Sunday Extra: Will Kindle Print Replica books really only work on “Kindle Fire Tablets, iPad, Android Tablets, PC, and Mac”?

So the other day I was shopping for some of my textbooks on Amazon and discovered that they had a Kindle edition. Not wanting to lug around a big heavy book, I opted to go digital and tangentially save a tree or two, and get it for my Kindle. Now, there’s just one problem with that; these were “Print Replica” books, and they aren’t actually available for my old-school Kindle (the kind that has a keyboard, from back before there was any other kind). Well, oops. Or was it?

First off, I can still read them on my PC, but I’ve been trying to keep from having to lug a laptop to school; mine’s getting elderly and a replacement would be expensive. So that’s out. My Android Phone cannot, for some arbitrary reason, zoom in to read the text, which would handily work, and the Kindle can’t read actual textbooks, right?

Wrong and wrong. You see, Android Phone and old-school Kindles both support these things called PDF’s. They’re the actual technology behind the Print Replica books, and, interestingly, there are a number of fallacious reasons why they don’t actually work on these devices. Were it not for the fact that you can use third-party devices to read Kindles, I’d suspect this of being some sort of Kindle Fire upsale ploy, but I’m more thinking that the goal was to keep dissatisfied customers from saying “I bought this and I’m not willing to put up with reading it.”, which is a little more palatable.

However, here’s some things to note that stomp this question into the ground:

  • The books contain the entire searchable text, which coincidentally means that the plaintext could be outputted, with dubious formatting (but at least page breaks) to the old-school Kindle reading format on the fly.
  • Textbooks are actually okay for on-screen reading on smaller devices, since their print is rather large to make up for the fact that each page has only one column and  the human eye likes to have only a certain number of words per row; a user with normal, healthy eyesight could read them easily even on a smaller mobile device (also, the Kindle Fire doesn’t necessarily have that large a screen, were we to really get into that).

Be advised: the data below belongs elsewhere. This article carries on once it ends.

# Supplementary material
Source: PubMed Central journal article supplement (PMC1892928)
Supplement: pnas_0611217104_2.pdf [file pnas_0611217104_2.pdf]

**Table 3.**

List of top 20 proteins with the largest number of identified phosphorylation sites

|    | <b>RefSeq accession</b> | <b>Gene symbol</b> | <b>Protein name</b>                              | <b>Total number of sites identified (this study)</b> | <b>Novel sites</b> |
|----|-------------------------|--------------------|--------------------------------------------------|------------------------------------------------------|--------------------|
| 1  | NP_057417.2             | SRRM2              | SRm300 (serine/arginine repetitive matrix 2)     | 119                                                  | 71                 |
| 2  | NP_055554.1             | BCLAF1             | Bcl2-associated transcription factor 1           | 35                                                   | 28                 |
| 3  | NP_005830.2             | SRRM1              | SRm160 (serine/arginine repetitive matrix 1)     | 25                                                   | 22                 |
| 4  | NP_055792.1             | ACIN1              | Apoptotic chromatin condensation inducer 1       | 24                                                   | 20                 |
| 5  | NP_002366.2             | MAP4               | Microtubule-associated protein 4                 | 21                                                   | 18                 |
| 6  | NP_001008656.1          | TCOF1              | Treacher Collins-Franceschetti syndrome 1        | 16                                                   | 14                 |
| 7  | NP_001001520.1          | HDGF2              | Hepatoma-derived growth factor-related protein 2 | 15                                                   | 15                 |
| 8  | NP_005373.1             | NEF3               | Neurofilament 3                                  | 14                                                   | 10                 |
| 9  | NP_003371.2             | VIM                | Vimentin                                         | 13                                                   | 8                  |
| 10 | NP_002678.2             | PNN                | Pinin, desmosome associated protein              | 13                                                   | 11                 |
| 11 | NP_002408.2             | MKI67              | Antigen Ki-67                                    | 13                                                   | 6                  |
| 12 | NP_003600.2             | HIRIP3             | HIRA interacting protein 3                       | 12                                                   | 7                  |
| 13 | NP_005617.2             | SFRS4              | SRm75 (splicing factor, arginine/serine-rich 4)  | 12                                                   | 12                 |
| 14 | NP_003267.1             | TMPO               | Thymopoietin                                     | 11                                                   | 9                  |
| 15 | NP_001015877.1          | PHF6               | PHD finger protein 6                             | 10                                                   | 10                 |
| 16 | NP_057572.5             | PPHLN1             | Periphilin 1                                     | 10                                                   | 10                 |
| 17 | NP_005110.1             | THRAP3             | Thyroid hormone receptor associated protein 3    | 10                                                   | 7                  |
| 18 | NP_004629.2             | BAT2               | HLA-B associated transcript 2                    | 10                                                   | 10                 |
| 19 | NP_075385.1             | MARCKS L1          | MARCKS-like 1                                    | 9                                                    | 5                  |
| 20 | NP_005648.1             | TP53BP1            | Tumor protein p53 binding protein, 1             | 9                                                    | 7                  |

• Even really poorly formatted PDF’s for mobile and black-and-white reading worked fine on my Kindle 3; I’ve read through the entirety of Eclipse Phase’s core rulebook on mine during a road trip without getting a headache or carsick, so there’s not even that much of an issue. Part of this was the fact that the old Kindle can zoom in for PDF’s; not always well, but still enough to make them legible and it’s tolerable.

So then what’s the reason for this device lockout? Obviously there’s a very flimsy degree of customer protection; though as an owner of an old Kindle who’s willing to put up with the lack of support I don’t feel very protected by the lockout. On one hand, however, I have seen Kindle 3’s perform rather arbitrarily when it comes to whether or not they’ll like a PDF, which may be the logic behind this, but the PDF that should have been the most terrifying for the device actually worked fine (Eclipse Phase is a huge book with rich PDF features).

My opinion is that this is one of those “designed obsolescence” things, where the idea was never to keep the Kindle e-ink readers up to date with the cutting edge, but to sell them for entertainment and amusement until such a date as the technology could be advanced to allow relatively painless real-time functionality. The fact that there’s a lockout on phones is also convenient for Amazon, since they offer one of the few high-quality entry-level tablets, with a $159 buy-in and an Amazon-centric marketplace, there’s a lot of reasons why they both want to sell Kindle Fires and why their lockout could push someone who has a normal fully-functional Android phone to upgrade to their tablets, and since Amazon tends to be the third-party app store of choice for Android, it’s logical that most people would just bite the bullet and buy a Fire as opposed to another device (perhaps the Nook, which seems to be cheaper but equitable) since they’re used to Amazon’s service.

So, in short, shame on Amazon for using a proprietary format rather than just giving consumers protected PDF files either with a watermark or other DRM and letting us sort out our own issues.

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